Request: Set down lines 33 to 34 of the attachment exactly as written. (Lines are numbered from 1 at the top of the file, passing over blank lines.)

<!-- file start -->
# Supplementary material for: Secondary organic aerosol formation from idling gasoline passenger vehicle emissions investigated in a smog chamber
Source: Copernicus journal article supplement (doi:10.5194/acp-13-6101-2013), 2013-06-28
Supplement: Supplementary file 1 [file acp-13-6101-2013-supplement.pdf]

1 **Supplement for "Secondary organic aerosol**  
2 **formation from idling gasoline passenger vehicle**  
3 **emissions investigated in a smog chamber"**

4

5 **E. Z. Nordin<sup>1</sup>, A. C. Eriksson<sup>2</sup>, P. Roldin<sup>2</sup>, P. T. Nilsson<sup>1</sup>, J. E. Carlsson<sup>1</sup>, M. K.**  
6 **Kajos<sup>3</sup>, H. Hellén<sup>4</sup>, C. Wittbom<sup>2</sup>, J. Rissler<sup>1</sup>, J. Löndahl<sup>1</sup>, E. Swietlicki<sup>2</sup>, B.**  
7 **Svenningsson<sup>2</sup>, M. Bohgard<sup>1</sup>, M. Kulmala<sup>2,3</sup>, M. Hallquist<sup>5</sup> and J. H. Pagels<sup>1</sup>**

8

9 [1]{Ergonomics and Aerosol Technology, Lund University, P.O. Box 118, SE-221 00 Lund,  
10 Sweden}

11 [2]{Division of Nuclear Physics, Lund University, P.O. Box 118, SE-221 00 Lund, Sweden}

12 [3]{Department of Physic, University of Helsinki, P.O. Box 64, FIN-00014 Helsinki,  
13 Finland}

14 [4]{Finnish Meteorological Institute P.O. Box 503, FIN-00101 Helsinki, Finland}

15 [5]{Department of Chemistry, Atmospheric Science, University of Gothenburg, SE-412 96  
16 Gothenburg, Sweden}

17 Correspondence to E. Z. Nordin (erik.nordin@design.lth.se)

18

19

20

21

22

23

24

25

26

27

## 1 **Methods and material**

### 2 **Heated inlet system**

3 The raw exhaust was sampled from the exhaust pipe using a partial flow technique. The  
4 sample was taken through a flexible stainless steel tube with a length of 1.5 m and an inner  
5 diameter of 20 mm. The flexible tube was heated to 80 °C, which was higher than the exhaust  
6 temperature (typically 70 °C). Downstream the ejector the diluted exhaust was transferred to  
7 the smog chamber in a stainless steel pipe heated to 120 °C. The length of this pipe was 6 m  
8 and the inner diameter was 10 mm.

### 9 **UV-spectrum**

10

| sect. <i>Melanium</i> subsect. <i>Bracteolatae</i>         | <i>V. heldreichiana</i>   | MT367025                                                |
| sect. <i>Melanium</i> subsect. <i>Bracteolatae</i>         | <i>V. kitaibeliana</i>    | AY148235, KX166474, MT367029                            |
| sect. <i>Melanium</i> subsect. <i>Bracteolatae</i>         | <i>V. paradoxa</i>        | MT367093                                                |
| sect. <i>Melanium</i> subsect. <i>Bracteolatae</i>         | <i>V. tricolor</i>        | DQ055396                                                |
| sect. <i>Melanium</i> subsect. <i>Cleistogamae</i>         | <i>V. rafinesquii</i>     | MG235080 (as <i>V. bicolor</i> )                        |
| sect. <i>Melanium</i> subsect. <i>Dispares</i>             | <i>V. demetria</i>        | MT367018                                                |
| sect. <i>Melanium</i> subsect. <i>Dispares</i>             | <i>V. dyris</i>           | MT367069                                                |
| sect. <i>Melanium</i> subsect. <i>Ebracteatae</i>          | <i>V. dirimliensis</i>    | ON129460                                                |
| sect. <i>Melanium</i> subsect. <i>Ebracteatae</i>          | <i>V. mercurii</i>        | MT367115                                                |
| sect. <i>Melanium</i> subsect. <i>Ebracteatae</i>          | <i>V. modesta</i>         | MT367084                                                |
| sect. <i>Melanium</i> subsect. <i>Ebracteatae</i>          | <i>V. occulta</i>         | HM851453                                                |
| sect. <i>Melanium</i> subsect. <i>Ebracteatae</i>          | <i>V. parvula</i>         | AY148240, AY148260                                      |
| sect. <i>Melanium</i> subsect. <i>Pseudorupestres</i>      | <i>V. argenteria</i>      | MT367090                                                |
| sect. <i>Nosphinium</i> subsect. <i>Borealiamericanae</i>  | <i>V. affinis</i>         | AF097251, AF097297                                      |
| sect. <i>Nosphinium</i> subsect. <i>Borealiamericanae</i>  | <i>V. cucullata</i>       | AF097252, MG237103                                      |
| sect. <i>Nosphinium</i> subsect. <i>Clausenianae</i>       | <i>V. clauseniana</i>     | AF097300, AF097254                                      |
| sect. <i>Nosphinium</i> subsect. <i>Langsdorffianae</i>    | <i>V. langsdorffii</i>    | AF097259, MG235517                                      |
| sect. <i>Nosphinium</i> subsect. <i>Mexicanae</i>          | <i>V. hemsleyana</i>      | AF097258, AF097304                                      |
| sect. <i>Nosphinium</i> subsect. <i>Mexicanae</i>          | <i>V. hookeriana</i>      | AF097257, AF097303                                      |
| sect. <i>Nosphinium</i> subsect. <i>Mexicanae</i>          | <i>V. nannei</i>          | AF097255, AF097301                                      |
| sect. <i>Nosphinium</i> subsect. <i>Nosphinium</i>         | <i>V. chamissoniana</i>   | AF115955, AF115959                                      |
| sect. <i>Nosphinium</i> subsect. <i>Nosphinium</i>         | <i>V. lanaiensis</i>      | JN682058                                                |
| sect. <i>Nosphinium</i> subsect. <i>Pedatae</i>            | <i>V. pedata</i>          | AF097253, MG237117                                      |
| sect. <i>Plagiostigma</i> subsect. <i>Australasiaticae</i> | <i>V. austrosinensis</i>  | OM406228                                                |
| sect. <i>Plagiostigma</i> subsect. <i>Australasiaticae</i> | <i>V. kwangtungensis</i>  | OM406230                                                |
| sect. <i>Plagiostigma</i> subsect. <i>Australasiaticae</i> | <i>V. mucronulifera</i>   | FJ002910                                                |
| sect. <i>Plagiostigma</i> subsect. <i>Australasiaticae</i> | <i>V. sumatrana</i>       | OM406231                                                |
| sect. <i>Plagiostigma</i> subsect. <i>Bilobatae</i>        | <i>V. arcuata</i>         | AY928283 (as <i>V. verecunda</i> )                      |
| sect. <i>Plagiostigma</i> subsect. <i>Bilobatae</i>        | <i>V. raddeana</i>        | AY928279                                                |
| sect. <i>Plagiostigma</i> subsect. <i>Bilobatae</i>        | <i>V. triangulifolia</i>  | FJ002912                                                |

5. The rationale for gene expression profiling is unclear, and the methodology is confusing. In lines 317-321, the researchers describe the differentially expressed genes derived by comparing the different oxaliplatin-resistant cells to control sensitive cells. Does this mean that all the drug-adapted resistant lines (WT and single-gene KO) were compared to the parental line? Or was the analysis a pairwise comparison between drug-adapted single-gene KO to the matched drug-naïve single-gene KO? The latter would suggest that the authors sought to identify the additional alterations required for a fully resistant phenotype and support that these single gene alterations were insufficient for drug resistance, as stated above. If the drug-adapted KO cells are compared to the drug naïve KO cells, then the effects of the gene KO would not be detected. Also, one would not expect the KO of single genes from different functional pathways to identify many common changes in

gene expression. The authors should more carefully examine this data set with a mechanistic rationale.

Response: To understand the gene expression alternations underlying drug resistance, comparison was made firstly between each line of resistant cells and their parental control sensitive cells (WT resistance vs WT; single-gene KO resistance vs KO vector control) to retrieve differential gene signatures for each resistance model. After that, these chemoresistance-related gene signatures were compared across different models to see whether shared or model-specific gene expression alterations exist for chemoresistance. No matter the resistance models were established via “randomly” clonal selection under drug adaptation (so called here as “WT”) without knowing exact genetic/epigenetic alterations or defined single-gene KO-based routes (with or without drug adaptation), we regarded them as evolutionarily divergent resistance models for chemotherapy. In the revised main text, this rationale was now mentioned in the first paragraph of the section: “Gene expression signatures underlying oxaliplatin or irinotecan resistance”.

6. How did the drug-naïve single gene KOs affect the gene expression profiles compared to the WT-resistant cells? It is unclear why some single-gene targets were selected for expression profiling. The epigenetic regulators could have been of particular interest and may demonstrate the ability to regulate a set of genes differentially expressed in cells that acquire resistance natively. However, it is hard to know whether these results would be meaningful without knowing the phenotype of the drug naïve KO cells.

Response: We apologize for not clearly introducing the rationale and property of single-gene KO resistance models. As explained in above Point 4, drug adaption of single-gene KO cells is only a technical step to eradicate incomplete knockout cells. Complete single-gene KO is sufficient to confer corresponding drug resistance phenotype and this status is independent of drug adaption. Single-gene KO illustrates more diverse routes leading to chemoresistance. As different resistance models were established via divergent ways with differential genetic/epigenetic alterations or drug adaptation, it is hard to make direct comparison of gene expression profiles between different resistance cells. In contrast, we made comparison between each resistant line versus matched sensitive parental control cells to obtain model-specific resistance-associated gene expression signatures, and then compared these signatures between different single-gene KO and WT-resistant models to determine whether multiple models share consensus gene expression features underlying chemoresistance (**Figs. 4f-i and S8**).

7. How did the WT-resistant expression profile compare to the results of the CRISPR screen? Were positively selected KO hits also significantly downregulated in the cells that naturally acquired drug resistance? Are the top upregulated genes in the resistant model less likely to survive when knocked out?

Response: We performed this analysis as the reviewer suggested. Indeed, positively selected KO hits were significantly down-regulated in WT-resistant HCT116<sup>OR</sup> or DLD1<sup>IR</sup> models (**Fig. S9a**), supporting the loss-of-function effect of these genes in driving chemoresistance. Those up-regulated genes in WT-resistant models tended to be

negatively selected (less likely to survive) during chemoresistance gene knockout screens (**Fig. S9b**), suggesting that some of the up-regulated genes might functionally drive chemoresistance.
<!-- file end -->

3 The raw exhaust was sampled from the exhaust pipe using a partial flow technique. The  
4 sample was taken through a flexible stainless steel tube with a length of 1.5 m and an inner  